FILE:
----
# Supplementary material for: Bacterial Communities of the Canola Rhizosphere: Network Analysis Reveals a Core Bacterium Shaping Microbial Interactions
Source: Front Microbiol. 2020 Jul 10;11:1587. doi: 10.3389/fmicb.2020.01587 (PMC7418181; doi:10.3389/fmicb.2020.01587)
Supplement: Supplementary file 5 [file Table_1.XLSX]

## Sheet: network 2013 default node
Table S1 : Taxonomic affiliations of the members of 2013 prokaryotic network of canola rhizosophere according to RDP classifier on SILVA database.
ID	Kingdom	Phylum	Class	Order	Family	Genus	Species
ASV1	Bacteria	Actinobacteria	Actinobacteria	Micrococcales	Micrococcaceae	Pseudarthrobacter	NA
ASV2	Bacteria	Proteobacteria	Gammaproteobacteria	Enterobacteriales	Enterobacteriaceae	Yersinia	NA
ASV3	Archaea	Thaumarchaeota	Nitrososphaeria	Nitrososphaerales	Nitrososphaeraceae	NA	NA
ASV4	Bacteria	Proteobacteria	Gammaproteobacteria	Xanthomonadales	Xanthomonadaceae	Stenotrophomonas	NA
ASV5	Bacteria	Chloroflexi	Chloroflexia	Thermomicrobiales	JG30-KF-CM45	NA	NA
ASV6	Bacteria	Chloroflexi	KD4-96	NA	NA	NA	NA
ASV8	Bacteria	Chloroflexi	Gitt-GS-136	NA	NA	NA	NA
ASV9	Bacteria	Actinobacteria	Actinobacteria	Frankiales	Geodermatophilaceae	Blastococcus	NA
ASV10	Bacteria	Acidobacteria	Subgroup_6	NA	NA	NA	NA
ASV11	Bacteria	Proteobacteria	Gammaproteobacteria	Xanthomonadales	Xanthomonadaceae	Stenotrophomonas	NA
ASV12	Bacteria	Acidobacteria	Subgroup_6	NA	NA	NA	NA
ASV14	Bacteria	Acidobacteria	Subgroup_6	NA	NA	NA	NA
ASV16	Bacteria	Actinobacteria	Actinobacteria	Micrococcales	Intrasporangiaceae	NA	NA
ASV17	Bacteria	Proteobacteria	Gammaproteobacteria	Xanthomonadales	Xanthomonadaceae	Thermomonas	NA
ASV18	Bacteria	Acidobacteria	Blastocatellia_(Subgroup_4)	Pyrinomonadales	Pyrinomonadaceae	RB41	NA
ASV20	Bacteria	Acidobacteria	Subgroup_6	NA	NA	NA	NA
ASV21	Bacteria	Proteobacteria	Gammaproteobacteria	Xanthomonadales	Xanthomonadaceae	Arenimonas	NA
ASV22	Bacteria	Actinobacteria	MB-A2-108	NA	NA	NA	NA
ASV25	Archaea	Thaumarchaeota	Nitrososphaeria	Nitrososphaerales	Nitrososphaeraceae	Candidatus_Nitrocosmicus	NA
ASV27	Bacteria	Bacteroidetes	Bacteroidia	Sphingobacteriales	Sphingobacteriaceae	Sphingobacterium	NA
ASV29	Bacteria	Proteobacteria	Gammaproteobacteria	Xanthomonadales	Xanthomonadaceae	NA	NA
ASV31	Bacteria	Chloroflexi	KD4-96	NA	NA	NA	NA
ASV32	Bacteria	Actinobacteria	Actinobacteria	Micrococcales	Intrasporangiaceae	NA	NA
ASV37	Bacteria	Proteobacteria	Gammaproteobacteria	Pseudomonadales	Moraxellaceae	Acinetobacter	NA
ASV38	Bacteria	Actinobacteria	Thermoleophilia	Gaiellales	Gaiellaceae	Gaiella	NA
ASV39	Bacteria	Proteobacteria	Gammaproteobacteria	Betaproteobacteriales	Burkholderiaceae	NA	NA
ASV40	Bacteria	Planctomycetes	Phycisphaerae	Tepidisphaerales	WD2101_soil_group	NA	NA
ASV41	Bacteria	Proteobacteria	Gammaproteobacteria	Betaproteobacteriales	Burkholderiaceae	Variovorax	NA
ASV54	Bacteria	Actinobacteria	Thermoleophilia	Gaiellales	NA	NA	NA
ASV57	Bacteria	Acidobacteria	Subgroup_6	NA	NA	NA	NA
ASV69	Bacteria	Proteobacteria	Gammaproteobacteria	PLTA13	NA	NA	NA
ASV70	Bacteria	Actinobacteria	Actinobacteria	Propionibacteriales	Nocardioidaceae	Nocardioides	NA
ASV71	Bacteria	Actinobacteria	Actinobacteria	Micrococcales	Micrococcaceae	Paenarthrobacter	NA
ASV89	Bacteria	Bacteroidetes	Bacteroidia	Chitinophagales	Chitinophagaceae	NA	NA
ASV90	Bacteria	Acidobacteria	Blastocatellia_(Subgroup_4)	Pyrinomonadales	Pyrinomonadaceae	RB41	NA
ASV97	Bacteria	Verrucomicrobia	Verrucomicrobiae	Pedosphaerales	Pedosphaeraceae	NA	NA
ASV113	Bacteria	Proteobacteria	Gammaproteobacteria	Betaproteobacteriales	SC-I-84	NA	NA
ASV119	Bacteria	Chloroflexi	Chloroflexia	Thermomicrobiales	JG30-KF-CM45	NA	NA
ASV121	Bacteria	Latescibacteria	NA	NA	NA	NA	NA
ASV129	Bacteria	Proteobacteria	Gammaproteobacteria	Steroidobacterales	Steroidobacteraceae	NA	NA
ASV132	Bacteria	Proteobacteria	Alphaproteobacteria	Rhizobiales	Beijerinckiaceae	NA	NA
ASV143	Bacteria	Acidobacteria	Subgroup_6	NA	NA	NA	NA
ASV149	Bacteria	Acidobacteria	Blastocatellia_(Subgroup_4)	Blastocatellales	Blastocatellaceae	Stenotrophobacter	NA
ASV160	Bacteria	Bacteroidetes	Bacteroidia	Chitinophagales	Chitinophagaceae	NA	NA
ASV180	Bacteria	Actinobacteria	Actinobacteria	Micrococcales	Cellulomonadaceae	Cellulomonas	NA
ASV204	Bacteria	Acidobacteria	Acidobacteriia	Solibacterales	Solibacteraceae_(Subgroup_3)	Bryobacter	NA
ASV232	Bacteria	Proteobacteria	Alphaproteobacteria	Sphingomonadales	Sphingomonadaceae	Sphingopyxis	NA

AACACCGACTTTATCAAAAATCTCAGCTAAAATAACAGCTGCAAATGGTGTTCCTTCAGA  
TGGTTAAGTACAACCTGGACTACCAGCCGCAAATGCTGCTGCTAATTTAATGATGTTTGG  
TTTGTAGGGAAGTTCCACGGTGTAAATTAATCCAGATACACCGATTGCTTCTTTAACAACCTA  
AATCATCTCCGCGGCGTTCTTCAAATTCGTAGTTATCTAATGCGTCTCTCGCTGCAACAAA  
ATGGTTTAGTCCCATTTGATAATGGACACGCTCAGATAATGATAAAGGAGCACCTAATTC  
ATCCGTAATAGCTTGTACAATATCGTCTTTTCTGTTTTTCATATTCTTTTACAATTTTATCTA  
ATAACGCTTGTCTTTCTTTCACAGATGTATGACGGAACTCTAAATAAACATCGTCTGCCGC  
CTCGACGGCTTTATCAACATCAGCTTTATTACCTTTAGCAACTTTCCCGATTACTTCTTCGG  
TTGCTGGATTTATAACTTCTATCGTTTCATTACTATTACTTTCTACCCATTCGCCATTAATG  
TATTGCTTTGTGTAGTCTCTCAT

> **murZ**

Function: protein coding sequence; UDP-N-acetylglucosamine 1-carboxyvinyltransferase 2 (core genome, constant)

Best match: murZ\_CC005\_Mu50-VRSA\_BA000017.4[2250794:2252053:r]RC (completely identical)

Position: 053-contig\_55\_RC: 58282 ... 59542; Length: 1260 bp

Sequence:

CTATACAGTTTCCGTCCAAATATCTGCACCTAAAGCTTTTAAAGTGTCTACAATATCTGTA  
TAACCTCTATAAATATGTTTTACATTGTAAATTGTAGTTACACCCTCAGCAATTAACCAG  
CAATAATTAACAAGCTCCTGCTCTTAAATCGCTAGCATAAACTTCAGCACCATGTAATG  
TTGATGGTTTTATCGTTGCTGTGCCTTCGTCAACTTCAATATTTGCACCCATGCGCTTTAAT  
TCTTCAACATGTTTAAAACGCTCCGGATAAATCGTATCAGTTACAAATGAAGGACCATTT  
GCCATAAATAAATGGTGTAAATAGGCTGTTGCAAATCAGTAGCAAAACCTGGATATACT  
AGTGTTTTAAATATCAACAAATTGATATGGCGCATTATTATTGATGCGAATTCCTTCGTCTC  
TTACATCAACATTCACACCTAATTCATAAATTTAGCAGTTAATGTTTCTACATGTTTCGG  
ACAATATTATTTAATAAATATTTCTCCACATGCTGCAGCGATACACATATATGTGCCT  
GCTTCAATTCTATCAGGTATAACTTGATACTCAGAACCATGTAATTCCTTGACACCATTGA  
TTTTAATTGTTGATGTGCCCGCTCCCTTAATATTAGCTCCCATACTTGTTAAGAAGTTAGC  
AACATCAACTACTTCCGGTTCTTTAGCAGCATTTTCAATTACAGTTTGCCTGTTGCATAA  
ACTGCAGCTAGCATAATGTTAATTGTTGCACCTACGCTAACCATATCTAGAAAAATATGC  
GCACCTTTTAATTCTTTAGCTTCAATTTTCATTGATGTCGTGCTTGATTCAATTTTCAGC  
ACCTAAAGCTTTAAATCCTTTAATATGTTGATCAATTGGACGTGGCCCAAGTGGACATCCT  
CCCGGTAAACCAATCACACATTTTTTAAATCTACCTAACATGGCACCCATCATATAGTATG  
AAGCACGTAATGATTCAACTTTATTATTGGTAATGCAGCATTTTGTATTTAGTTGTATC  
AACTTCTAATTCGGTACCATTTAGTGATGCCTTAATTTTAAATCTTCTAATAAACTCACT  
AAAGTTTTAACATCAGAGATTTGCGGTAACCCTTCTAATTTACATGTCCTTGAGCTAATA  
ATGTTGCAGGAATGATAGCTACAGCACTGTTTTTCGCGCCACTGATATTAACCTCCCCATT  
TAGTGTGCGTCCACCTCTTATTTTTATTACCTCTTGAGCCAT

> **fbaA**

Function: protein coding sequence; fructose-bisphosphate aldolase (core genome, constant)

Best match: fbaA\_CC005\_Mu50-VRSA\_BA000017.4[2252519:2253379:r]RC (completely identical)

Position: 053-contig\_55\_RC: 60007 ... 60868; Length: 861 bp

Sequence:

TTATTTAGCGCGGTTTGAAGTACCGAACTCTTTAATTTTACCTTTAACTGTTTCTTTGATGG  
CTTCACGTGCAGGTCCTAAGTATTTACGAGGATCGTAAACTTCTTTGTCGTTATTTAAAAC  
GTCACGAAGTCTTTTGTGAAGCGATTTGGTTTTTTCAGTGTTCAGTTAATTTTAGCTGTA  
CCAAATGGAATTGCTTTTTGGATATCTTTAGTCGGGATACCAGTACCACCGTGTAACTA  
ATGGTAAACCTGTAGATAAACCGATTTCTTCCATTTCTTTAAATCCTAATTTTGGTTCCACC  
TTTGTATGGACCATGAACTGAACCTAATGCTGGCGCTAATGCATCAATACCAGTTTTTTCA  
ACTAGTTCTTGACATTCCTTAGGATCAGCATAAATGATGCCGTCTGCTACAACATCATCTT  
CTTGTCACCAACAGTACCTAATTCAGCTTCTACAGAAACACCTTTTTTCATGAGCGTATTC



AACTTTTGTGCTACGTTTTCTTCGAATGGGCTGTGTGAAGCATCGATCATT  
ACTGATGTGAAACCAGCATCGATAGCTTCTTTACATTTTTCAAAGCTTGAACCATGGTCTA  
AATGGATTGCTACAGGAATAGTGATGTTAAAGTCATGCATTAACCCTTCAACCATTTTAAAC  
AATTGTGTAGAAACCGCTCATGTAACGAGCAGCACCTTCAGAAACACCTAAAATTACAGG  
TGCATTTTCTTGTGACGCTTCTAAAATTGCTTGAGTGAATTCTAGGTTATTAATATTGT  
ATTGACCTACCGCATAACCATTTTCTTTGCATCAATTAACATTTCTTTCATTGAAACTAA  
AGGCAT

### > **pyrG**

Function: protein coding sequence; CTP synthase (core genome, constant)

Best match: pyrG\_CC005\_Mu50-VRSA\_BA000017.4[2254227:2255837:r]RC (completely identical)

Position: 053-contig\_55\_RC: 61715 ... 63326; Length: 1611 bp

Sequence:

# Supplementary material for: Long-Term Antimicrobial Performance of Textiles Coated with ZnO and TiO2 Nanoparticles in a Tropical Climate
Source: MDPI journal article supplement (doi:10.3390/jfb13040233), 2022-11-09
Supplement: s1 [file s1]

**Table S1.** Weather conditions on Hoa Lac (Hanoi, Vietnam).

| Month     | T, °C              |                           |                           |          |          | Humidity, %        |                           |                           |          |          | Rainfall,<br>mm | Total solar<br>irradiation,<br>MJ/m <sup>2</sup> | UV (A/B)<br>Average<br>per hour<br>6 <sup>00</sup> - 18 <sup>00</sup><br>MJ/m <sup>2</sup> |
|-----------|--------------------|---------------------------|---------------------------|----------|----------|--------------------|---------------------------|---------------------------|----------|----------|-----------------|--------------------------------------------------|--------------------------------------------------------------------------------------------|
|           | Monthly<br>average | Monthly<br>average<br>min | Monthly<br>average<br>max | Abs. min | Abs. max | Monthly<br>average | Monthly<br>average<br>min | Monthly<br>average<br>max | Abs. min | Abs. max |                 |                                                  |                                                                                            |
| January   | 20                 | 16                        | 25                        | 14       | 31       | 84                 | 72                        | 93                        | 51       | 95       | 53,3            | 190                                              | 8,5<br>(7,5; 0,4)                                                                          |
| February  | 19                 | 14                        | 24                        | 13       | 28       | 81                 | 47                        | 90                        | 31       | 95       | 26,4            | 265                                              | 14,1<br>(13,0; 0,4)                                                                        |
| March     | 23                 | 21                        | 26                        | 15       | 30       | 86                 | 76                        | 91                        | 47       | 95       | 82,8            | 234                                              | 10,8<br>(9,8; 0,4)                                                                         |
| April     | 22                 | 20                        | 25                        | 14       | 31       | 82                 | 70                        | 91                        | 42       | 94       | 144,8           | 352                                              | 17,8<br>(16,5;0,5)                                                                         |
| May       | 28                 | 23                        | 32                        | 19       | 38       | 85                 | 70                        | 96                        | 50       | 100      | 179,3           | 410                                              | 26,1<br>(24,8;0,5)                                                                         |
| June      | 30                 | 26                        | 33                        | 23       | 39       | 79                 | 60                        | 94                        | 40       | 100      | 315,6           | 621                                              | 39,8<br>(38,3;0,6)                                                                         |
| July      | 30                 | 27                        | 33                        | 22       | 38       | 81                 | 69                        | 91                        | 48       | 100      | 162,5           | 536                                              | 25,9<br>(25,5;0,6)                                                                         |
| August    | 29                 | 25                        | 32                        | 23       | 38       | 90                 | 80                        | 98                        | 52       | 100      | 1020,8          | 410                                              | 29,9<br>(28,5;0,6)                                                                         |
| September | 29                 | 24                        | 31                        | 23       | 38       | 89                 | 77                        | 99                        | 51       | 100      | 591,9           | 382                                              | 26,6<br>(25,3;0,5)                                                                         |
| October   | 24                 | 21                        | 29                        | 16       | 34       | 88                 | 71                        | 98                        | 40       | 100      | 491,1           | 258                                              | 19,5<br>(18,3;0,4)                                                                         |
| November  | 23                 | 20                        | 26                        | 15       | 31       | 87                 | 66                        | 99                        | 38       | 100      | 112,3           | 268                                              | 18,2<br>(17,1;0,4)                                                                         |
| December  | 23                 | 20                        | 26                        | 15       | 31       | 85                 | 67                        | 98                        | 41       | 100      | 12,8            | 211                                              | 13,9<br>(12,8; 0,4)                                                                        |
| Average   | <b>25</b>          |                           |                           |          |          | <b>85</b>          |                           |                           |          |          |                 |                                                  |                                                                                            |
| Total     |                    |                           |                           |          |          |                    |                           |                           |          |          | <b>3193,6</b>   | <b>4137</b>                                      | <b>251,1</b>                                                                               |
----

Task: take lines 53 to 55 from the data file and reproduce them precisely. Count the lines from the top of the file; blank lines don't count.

ASV232	Bacteria	Proteobacteria	Alphaproteobacteria	Sphingomonadales	Sphingomonadaceae	Sphingopyxis	NA

AACACCGACTTTATCAAAAATCTCAGCTAAAATAACAGCTGCAAATGGTGTTCCTTCAGA  
TGGTTAAGTACAACCTGGACTACCAGCCGCAAATGCTGCTGCTAATTTAATGATGTTTGG  